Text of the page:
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BIO 115

Search Tips and Tricks

There are four basic techniques you can use to improve your search skills: Boolean expressions, keyword searching, subject searching, phrase searching, and truncation. All of these techniques can be combined together to create precise or broad searches.

Boolean

Boolean searching is a way to tell the computer to do certain things with keywords that you are using in your search. If you want more help try out the tutorials linked below.

AND (find all)

When you combine keywords with AND you will only get results which contain all of the keywords joined by AND.
Use AND when you need to narrow a search to contain ALL keywords.

Example search: cat AND dog
Search results will only contain items which contain the words "cat" and "dog"; search results will exclude items only on cats or only on dogs.

OR (find either)

When you combine terms with OR you will get results which contain any of the terms joined by OR.
Use when you want to broaden a search to search for related terms or variant spellings (example: "climate OR climatic OR climates")

Example searchcat OR dog
Search results will contain items which contain only "cat", only "dog", and items which contain both both "cat" and "dog."

NOT (ignore)

NOT is used to specify keywords to ignore. Some search engines and databases don't support NOT (Google uses "-" instead for example). NOT can be useful when you are searching for a word with multiple meanings or need to exclude certain topics from a search.

Example searchgang violence NOT motorcycle
These search results should only cover non-motorcycle related gang violence.

Keywords

Most of us are familiar with keyword searches: you enter in words and you get back results which contain those words. It's important to choose your keywords carefully otherwise you will get no results or the wrong results. Use these basic tips to improve your keywords:

  • Choose the most basic form of a word to use in a search (i.e. use "pizza" instead of "pizzeria")

  • Avoid contractions, uppercase letters, and punctuation.

  • Do not search in sentences or sentence fragments (unless it's a phrase).

 

Subject Headings  are:

 

  • “controlled” vocabulary used by an organization (e.g. the National Library of Medicine) to describe the concepts in the literature collected by that organization or database (such as MEDLINE or CINAHL).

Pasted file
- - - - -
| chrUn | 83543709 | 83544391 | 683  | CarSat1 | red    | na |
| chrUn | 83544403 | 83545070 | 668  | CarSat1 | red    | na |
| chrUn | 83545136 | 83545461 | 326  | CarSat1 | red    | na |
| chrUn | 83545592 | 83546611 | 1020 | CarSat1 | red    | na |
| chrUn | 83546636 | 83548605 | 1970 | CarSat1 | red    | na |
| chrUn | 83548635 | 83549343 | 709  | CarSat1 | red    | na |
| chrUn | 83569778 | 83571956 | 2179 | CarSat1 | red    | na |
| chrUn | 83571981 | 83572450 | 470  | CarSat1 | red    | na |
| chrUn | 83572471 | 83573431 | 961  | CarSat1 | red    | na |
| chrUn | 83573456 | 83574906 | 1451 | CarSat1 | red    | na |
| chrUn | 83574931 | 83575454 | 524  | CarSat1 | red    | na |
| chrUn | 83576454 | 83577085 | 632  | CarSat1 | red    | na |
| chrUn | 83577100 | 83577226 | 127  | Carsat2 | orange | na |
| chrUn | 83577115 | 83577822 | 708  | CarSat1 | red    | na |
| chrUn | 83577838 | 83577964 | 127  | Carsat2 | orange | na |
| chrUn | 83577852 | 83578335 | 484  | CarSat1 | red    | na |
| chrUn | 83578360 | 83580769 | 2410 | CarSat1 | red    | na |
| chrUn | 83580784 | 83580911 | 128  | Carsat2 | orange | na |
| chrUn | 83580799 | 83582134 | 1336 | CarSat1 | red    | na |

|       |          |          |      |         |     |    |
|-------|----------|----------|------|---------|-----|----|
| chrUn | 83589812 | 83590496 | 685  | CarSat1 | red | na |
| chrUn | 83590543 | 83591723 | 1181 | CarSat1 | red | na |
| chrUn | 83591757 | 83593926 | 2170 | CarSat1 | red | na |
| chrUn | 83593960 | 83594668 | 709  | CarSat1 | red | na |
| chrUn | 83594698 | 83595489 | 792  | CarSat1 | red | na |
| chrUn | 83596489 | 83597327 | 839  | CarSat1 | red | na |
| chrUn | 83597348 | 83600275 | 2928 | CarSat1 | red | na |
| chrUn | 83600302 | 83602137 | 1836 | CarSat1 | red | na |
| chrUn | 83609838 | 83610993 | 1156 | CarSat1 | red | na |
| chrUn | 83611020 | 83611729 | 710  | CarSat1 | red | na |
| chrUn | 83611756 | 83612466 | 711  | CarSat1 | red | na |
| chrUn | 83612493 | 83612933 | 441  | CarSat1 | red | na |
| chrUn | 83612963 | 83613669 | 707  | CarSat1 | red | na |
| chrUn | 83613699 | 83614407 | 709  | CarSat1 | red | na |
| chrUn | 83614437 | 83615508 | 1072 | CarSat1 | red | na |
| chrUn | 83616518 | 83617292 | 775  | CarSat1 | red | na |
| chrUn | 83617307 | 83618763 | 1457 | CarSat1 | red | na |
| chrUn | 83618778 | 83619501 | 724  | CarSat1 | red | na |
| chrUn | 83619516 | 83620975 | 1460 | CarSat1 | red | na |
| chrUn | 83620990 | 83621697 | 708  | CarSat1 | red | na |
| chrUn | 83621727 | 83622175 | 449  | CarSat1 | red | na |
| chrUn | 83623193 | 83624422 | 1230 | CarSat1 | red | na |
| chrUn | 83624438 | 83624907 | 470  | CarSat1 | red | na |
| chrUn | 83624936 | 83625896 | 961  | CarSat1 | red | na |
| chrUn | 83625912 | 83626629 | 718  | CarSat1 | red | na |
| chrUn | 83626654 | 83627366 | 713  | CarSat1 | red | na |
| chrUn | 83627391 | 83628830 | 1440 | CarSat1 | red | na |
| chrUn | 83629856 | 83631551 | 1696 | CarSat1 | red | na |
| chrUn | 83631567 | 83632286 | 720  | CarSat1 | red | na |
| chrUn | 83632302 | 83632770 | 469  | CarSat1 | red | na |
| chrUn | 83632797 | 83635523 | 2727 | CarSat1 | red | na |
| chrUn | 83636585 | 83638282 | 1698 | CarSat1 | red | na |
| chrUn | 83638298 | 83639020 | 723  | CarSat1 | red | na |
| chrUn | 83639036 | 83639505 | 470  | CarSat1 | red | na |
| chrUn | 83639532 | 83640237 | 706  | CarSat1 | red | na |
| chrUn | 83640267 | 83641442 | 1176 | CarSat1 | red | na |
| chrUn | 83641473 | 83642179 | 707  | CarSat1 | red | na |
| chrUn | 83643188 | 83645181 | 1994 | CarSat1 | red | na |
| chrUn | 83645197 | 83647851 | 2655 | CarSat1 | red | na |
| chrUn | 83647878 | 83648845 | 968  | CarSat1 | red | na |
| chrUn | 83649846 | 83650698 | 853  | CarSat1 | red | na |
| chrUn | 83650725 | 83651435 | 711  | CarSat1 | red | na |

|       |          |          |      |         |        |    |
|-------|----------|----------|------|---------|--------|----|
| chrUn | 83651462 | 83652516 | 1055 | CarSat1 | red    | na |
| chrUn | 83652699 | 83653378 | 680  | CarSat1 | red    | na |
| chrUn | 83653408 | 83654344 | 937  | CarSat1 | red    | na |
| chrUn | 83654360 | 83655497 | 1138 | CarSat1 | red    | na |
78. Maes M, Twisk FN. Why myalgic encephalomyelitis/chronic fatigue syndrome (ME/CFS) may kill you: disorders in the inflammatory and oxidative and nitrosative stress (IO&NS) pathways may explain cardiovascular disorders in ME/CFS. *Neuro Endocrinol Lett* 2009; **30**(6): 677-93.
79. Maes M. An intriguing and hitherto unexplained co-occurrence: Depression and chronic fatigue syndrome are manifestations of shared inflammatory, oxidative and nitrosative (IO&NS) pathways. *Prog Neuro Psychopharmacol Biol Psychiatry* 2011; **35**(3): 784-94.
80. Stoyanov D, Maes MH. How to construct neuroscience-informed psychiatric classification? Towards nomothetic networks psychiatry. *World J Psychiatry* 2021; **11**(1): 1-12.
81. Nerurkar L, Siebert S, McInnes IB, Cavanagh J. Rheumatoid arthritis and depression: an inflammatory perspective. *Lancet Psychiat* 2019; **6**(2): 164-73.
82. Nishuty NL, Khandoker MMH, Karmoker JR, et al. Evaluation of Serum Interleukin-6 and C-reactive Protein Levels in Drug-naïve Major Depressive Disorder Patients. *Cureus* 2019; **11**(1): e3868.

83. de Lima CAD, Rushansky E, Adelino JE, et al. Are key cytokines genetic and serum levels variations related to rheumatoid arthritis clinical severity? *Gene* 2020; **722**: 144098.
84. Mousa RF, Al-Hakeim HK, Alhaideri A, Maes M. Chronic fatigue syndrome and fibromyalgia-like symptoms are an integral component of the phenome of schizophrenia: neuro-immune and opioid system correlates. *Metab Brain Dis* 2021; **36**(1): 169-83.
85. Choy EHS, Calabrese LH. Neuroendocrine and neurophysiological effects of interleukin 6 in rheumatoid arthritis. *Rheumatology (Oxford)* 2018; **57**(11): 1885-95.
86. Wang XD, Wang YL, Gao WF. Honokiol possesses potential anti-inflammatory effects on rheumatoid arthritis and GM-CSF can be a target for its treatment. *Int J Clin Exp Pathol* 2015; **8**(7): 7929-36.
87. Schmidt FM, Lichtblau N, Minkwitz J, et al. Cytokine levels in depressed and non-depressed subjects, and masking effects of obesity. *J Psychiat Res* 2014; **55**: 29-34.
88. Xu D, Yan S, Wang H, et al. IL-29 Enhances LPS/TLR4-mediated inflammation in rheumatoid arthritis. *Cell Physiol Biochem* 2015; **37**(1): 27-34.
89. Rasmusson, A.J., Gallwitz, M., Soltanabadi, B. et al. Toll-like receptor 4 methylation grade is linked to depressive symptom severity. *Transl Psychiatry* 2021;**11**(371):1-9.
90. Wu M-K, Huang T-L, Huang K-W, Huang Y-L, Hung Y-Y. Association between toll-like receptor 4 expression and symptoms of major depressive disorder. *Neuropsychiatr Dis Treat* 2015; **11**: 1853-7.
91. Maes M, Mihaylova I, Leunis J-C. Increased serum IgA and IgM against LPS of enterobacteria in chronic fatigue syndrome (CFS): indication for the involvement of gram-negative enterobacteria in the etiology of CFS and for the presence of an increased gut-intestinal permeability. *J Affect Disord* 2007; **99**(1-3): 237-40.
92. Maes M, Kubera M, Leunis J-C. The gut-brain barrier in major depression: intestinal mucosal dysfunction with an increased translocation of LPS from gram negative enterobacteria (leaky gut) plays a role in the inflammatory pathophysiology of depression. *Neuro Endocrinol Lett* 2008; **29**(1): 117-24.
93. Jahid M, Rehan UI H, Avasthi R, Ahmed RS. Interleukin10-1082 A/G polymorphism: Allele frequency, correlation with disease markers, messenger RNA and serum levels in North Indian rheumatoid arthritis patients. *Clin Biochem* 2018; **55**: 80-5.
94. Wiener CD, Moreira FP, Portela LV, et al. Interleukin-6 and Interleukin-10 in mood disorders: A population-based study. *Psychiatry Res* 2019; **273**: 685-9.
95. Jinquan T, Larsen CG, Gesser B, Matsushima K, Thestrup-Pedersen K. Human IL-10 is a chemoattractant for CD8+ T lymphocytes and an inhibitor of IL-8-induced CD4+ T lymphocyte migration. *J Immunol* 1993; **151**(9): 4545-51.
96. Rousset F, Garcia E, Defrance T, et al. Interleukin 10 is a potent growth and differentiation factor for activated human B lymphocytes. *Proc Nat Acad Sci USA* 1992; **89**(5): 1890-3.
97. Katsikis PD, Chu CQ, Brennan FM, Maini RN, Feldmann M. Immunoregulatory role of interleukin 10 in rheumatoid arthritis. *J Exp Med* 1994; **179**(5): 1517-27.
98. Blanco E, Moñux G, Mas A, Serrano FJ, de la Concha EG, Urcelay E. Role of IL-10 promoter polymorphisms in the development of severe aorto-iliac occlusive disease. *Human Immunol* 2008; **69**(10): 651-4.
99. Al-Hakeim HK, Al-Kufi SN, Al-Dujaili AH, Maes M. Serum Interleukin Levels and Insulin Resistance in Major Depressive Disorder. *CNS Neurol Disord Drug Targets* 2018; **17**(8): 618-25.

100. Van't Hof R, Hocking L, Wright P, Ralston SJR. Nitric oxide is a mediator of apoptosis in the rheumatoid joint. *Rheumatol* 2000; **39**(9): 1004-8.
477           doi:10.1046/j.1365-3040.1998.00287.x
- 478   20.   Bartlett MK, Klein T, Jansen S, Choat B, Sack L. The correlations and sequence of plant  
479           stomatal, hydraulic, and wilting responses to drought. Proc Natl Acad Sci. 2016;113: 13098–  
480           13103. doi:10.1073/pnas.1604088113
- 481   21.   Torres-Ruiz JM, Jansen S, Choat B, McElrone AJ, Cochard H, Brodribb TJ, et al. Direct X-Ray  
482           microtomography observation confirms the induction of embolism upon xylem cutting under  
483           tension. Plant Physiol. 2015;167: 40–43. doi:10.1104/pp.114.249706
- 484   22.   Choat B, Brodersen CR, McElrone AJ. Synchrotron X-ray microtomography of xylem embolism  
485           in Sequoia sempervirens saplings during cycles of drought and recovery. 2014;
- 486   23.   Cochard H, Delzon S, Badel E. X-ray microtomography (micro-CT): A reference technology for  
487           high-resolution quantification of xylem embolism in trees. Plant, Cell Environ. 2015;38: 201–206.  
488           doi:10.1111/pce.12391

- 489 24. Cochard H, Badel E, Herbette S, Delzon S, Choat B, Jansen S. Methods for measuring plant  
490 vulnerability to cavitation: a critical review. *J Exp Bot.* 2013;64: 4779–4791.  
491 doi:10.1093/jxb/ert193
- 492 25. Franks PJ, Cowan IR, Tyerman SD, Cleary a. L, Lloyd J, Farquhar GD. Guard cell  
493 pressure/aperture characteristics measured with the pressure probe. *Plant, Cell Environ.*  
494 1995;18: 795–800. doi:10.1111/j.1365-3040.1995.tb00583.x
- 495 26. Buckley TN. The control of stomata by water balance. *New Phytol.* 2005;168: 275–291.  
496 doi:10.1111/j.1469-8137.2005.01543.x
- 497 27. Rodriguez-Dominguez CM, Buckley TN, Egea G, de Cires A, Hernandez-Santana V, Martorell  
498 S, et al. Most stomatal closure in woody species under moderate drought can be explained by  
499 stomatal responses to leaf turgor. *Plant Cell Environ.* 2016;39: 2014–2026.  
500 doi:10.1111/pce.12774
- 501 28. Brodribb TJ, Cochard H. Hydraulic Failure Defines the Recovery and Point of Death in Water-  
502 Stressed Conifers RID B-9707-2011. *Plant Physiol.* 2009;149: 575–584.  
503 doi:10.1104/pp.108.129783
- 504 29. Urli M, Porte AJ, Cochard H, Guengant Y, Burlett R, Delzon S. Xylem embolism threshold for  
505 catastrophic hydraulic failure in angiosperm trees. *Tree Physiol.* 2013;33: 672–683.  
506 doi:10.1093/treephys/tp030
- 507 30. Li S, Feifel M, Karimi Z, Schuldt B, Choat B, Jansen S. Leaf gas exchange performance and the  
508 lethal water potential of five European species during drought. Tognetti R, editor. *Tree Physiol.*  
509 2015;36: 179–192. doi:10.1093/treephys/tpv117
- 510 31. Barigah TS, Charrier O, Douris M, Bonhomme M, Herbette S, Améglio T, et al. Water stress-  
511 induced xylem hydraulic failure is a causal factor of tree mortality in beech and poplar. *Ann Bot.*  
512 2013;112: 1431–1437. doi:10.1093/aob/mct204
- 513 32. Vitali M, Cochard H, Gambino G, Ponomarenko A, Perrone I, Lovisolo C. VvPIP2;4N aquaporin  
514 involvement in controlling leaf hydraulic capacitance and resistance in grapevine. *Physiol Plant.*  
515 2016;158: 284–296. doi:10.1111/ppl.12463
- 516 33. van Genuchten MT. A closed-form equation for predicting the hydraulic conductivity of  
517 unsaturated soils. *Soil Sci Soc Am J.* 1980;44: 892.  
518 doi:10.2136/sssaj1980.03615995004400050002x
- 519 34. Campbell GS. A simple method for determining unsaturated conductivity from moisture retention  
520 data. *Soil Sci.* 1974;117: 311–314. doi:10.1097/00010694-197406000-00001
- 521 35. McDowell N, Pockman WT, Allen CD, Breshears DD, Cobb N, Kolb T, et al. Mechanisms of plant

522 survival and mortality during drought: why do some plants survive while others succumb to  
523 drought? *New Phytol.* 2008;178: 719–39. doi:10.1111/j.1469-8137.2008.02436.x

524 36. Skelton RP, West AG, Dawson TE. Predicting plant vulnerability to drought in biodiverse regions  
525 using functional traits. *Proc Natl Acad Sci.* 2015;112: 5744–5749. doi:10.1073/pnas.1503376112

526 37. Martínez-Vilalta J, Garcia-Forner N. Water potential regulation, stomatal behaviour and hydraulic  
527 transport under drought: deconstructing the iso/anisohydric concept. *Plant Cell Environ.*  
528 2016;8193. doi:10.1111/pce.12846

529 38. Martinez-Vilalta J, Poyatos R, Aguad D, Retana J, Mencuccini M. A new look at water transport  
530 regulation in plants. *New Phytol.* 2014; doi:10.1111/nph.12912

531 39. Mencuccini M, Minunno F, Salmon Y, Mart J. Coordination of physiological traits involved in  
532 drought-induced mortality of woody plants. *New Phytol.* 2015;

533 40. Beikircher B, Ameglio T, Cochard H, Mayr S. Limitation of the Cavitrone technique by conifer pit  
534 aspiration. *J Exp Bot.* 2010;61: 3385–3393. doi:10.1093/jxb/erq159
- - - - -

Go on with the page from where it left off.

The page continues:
• Consistent in their definition across the records in the database.
  • Less flexible and must be chosen from the thesaurus used by the database; if the incorrect subject heading is selected, none of the results will be relevant.
  • Only searched for in the subject heading field of the record.
  • Helpful for retrieving a set of articles with fewer irrelevant results
  • Slow to change--this means that the most recent changes in knowledge--on diseases, drugs, devices, procedures, concepts--may not be reflected in the controlled vocabulary.

 

The chart below shows some examples of keywords and the equivalent subject headings in CINAHL and MEDLINE

Graph of differences between keywords and subject headings. Examples include the keyword "heart attack" versus the subject heading "myocardial infarction"

Note that the Subject Headings in CINAHL and MEDLINE are not always the same. In the last example--LGBT--note that while CINAHL has a subject heading for the term, MEDLINE requires that two different subject headings have to be combined to create an equivalent. For more information on how to combine related MeSH terms, see the next page.

Some basic guidelines are:

  • If the term or topic is very recent, keywords may be the best option
  • If no Subject Heading exists for your term, or seems inadequate, use a keyword
  • If the keyword is too vague or broad, a Subject Heading may help focus your search and eliminate too many results
    • e.g. neuroses would be a very broad keyword search
  • If you want a very comprehensive literature search, you should use both a keyword and a subject heading
    • e.g. Heart attack OR Myocardial Infarction

 

Phrase searching

To search for a phrase or multi-word concept place the words or phrase in quotation marks. The quotation marks tell the search to find all of these words together in this order.

Example searches:
"To be or not to be" AND shakespeare
"new york city"
"unmanned aerial vehicle"

Truncation

Truncation is a way to place "wildcard" characters in your searches. This is useful when trying to include word variations in your searches.You need to be careful where you truncate a word - if you truncate too early you may end up with unexpected results that contain unrelated words with the same spellings. The asterisk(*) is the symbol most indexes use for truncation.

Example good truncation search: bacteri*
This search will return results for bacteria and bacterium. This is a good use of truncation.

 

Example bad truncation search: creat*
This search will return results for: creaturecreationcreatecreatingcreator, etc. This is not a good use of truncation.

Combining Techniques

You can combine multiple search techniques and if you have a complex search you can use parentheses to group different sets of instructions:

Example searches: (cat or cats) AND "house train*"

This search will retrieve results that contain the phrases "house training" or "house train" and EITHER cat or cats. If you truncate cat* you would get way too many irrelevant results including catatonic, catalyst, etc. so only train is truncated.